Onboarding should be a positive and productive experience for interns. When you build a successful onboarding program, you benefit in the short-term with satisfied interns who will give their all, and you also benefit in the long-term when your best interns convert to full-time employees.
We wanted to bring forth some best practices and common mistakes for onboarding summer interns, so we checked in with our friend Saïd Radhouani, Ph.D., Co-founder of Nextal, a collaborative applicant tracking system. Radhouani, who holds a double Ph.D. in Management and Computer Science, has built teams from scratch and put in place strategies to serve some of the largest web and mobile properties in Canada. We also gathered insight from Wes Higby, President of Full City Tech Co, where he consults in employee development and other services.
8 essential elements to successfully onboard your interns
These seven steps will help you set up your interns for success:
- Onboarding doesn’t start on the first day. Interns should begin onboarding before that, especially for interns who accept the position months before they graduate and begin your program. It is your responsibility to make a great first impression and show interns that your company is a good place to work, and that they will be given an opportunity to grow and succeed. Consider assigning each intern to a peer advisor who meets with them before they start. Consider inviting them to holiday parties, community service activities, and other office events where they can meet their future co-workers. At the very least, before your interns arrive, they should already understand your organization’s history, vision, and mission. Another excellent way to start off right is to ensure administrative paperwork is done before the first day, instead of boring your interns to death on their first day.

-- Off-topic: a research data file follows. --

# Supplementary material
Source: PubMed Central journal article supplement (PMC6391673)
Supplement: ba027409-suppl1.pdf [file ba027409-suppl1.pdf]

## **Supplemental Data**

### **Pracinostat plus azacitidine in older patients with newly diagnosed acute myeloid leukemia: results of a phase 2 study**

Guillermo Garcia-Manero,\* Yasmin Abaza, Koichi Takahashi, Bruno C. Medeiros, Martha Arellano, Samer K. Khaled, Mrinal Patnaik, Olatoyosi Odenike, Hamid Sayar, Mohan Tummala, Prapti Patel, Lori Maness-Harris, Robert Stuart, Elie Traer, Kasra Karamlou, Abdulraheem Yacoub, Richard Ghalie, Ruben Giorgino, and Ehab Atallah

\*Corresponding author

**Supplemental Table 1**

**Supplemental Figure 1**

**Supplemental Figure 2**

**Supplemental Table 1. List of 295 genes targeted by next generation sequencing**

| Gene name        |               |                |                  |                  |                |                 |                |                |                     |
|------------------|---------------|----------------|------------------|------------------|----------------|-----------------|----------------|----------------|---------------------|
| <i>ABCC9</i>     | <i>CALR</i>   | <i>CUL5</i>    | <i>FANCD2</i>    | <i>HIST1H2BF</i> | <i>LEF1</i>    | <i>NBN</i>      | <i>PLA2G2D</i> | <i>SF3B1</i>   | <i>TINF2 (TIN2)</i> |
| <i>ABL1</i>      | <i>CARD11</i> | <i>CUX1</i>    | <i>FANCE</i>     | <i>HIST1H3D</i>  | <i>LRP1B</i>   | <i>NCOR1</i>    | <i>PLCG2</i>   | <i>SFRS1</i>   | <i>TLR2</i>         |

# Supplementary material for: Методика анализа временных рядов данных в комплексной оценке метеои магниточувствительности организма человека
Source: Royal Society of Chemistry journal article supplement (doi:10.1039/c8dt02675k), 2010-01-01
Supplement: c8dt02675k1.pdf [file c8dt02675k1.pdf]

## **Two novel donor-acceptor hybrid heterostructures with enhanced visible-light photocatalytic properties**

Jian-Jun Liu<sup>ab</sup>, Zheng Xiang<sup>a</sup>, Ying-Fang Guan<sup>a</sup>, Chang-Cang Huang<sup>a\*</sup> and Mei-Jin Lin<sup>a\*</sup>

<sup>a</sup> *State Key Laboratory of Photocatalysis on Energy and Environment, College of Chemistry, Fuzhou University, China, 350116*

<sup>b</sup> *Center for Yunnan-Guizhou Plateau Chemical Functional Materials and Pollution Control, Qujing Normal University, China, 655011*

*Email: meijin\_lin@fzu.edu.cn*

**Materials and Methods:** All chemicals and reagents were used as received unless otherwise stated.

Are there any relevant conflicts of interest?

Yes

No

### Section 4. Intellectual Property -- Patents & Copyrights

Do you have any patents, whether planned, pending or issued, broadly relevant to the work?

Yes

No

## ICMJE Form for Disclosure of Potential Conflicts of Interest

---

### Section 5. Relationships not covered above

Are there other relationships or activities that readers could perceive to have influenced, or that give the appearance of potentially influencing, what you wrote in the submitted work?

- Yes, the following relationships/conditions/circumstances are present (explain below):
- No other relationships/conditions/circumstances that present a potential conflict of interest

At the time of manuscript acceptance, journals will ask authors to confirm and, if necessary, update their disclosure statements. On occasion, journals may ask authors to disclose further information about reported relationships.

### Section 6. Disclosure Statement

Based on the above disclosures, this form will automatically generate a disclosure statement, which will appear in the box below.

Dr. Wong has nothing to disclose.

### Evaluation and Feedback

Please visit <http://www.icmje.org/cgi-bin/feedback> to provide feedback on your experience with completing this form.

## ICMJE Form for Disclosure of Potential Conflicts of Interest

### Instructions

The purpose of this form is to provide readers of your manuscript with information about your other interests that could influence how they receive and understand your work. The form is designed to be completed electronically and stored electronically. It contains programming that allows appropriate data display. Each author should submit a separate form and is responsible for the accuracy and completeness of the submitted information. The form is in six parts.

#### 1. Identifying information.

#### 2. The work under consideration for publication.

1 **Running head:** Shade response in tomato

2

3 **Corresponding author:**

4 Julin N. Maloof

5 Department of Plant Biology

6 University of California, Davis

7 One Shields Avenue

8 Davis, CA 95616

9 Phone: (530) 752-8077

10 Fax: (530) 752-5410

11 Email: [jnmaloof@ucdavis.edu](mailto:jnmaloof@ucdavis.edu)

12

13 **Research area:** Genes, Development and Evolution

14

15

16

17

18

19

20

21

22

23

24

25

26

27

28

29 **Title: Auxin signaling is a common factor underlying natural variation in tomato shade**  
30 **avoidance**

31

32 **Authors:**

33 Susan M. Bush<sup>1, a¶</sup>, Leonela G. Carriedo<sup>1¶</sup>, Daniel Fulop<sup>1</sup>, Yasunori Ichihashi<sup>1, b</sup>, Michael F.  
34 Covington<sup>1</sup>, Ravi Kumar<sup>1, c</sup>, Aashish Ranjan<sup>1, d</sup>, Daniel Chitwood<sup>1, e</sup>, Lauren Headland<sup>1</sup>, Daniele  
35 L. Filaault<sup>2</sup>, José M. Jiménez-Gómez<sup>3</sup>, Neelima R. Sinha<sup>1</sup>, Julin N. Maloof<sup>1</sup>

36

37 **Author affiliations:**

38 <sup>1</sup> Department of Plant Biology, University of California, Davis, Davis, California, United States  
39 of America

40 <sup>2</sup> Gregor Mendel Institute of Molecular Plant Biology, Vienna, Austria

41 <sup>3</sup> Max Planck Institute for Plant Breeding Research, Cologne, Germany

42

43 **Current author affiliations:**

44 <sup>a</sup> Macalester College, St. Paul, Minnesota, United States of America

- Give them a personal and warm welcome. It is very important to schedule a real moment for your new interns to be personally welcomed. Interns lack experience and might need special treatment in the beginning to facilitate their transition into a professional environment. Their first day’s experience can have a big impact on their integration within the work environment. Set up their workspace and equipment so that area is clean and ready to go. All technology (computer, phones, passwords) should be set up properly and working.